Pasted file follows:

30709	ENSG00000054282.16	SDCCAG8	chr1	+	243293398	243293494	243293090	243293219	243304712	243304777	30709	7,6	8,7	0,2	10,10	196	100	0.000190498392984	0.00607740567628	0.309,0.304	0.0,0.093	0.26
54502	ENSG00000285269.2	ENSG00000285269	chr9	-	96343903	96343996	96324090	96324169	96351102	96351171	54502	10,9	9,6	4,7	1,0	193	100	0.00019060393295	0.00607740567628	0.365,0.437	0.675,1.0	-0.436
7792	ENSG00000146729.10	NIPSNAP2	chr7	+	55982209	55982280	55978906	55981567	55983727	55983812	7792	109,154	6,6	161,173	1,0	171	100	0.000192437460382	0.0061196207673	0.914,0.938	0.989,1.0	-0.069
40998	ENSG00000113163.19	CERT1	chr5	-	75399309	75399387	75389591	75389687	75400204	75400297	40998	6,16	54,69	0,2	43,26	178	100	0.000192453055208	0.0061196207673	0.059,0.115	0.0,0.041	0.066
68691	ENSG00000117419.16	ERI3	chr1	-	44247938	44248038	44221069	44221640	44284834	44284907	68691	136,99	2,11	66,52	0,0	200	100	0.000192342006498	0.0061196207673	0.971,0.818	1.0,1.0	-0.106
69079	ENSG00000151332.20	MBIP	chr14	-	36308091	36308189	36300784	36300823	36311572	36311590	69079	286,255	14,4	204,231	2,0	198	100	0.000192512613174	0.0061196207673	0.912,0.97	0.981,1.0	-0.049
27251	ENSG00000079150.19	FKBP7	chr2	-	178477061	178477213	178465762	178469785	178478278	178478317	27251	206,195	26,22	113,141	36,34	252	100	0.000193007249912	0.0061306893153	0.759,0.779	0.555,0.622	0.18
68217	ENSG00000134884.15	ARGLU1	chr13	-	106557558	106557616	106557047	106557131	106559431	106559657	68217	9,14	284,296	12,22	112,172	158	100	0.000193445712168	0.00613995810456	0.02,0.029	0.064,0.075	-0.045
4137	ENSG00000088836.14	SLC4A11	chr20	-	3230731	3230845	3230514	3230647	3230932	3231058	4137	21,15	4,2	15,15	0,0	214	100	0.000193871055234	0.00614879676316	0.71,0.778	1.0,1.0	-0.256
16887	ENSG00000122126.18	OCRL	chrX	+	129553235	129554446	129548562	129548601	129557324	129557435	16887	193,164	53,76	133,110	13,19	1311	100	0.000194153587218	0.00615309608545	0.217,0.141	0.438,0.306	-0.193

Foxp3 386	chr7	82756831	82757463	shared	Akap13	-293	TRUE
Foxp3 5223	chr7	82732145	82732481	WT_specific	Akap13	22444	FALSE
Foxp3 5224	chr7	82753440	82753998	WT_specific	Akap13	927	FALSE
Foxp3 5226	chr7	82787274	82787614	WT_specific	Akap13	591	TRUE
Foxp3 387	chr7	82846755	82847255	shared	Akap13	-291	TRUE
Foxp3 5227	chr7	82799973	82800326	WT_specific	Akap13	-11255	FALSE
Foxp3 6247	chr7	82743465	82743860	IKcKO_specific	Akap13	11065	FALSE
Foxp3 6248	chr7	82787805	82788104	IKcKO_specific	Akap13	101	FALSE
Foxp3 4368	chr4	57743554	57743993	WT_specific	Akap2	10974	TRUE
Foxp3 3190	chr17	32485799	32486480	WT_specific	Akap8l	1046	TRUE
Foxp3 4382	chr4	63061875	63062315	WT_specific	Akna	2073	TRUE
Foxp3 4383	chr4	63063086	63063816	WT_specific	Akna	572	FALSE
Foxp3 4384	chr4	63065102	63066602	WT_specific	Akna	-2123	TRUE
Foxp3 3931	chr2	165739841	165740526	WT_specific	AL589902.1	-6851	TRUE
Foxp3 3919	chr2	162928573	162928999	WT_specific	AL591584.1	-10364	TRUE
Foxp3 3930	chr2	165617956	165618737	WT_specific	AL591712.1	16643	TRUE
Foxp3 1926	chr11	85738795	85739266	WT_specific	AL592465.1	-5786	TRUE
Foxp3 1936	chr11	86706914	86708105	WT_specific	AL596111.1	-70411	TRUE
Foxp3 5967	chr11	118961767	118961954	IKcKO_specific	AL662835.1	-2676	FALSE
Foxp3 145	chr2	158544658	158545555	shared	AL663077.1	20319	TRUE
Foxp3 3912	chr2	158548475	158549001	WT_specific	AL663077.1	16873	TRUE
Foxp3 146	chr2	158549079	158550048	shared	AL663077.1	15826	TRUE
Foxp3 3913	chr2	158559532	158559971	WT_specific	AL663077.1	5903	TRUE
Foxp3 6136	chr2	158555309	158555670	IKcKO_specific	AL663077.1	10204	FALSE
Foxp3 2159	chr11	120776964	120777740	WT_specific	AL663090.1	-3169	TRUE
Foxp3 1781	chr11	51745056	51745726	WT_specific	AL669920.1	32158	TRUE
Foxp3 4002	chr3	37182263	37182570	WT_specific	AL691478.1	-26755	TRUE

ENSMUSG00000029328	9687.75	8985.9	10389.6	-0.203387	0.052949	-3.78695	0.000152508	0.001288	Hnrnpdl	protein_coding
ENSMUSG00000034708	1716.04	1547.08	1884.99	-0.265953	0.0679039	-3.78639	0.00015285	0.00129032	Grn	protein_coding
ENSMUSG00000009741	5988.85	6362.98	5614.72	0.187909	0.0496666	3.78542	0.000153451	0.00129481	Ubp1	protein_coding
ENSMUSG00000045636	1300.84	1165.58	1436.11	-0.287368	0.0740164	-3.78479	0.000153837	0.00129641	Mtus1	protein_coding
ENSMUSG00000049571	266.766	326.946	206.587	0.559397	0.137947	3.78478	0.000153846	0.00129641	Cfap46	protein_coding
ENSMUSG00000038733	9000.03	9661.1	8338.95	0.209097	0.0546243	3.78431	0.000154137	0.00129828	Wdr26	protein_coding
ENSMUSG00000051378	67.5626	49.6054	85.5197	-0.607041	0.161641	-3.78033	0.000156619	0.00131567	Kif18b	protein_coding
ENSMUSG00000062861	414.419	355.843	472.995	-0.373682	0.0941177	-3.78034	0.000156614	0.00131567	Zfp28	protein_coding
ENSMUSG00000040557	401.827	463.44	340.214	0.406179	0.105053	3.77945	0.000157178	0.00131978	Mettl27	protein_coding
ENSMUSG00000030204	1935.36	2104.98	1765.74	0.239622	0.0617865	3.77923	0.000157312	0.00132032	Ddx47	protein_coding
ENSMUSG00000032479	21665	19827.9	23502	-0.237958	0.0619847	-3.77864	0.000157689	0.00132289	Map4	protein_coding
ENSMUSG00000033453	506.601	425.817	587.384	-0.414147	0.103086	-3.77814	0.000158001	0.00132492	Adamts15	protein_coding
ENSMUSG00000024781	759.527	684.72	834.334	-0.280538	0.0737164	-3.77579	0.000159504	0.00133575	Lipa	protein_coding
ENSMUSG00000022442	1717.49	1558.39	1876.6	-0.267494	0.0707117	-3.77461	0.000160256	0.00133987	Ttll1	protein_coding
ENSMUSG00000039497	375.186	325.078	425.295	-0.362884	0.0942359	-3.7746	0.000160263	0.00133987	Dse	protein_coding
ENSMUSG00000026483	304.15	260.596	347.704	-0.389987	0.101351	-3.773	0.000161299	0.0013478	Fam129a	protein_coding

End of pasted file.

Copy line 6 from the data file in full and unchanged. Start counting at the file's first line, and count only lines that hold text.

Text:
69079	ENSG00000151332.20	MBIP	chr14	-	36308091	36308189	36300784	36300823	36311572	36311590	69079	286,255	14,4	204,231	2,0	198	100	0.000192512613174	0.0061196207673	0.912,0.97	0.981,1.0	-0.049